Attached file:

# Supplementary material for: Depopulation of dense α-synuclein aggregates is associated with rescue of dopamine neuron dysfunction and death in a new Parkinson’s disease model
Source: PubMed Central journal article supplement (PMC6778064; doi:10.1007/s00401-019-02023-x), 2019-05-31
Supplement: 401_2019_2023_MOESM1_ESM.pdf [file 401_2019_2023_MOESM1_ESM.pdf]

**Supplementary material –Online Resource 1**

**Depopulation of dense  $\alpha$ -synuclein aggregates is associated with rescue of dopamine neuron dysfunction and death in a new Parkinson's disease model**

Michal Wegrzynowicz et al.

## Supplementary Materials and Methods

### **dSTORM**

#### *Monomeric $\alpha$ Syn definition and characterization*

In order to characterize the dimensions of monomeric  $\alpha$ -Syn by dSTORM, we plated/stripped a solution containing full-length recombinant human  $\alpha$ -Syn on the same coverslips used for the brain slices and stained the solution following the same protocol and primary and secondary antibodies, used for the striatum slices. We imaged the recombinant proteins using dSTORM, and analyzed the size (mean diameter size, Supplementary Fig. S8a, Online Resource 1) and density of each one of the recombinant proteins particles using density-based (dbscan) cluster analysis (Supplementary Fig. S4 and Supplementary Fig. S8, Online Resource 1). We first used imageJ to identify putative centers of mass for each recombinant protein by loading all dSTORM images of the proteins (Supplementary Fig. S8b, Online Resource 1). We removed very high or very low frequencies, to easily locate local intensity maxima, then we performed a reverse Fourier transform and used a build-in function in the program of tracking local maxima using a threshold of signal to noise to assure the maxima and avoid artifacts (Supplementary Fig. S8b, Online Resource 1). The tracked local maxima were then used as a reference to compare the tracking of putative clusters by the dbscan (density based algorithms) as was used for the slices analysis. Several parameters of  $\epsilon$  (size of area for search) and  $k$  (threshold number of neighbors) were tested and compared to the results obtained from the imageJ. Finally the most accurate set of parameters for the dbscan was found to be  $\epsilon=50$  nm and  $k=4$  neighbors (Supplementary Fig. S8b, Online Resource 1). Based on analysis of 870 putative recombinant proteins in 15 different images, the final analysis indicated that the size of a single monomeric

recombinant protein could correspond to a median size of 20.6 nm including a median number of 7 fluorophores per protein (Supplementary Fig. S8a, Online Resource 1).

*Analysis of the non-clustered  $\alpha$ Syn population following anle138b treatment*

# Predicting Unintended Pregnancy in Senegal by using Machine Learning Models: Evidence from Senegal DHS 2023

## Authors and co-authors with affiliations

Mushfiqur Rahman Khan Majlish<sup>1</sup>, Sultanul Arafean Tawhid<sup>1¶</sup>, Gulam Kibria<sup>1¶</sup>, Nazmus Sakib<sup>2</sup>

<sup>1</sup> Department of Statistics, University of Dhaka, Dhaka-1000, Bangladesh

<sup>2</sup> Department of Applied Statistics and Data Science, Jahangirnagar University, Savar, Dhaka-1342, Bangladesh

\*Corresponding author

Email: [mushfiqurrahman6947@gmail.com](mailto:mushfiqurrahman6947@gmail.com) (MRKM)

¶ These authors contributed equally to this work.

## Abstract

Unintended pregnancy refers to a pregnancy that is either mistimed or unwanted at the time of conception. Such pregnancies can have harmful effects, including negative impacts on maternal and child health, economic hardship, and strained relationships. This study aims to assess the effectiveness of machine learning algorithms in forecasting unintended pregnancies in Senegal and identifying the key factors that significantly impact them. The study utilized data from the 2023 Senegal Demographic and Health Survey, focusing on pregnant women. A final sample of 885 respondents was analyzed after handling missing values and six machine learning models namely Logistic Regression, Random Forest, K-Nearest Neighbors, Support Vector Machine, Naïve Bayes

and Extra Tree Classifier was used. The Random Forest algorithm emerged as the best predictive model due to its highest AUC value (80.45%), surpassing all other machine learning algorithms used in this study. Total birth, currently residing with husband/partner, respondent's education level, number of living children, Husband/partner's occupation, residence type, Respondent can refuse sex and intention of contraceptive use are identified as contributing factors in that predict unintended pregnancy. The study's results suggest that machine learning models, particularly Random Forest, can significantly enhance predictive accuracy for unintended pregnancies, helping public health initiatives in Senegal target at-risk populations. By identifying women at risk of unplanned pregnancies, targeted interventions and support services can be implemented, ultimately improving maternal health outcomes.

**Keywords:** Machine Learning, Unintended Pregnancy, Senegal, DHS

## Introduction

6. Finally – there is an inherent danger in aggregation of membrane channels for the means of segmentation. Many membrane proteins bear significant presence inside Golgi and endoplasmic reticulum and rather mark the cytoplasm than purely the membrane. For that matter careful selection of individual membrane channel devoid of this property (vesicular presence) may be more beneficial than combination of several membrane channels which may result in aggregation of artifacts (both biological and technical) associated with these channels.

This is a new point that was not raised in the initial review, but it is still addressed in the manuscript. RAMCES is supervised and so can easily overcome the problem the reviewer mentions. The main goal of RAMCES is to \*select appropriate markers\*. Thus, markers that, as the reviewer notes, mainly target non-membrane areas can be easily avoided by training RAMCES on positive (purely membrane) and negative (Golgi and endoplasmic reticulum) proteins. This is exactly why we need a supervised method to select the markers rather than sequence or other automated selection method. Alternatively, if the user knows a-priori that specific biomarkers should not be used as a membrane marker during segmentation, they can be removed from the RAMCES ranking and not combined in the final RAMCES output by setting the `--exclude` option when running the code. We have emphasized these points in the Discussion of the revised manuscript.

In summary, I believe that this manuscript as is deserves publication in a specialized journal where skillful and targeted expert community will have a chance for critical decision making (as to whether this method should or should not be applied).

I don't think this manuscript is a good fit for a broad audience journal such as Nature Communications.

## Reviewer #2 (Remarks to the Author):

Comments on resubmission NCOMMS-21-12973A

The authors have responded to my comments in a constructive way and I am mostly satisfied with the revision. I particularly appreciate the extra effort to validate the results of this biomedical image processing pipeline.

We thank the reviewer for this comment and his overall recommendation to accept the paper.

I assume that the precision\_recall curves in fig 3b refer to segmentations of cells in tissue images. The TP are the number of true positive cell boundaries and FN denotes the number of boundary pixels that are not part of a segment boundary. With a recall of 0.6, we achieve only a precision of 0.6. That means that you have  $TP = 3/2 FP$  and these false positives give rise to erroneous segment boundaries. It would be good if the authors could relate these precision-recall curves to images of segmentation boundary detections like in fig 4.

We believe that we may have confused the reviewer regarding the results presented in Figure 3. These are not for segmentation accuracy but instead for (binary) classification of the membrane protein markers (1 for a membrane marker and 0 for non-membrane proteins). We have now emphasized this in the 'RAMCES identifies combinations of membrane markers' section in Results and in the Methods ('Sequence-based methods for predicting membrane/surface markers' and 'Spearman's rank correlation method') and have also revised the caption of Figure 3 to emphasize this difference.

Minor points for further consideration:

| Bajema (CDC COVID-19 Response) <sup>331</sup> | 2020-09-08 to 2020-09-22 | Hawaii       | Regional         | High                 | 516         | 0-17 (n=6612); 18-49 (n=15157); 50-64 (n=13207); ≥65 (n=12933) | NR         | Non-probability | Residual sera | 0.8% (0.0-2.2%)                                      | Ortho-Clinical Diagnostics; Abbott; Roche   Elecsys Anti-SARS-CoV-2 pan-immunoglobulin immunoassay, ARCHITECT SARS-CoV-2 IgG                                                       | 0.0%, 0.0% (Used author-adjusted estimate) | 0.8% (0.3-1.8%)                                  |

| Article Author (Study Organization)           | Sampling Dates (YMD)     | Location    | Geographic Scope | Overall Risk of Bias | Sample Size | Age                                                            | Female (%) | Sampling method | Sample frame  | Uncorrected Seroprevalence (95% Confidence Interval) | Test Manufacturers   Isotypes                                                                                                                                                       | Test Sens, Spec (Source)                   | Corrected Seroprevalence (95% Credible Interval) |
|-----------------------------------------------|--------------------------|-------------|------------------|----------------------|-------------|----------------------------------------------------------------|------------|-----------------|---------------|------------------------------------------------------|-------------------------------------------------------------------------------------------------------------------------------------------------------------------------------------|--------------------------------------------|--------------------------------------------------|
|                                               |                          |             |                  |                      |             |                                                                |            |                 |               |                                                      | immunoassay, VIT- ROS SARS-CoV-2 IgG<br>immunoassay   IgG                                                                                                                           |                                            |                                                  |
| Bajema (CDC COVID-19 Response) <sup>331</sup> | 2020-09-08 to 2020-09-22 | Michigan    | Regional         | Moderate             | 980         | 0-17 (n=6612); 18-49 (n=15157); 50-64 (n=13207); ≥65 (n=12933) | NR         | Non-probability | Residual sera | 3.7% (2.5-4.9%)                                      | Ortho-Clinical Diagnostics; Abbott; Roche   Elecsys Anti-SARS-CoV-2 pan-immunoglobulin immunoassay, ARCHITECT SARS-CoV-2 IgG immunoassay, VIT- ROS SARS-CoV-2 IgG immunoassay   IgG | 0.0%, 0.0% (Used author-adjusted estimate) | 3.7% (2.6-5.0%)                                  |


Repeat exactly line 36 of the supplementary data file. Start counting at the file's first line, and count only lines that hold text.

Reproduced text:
Minor points for further consideration: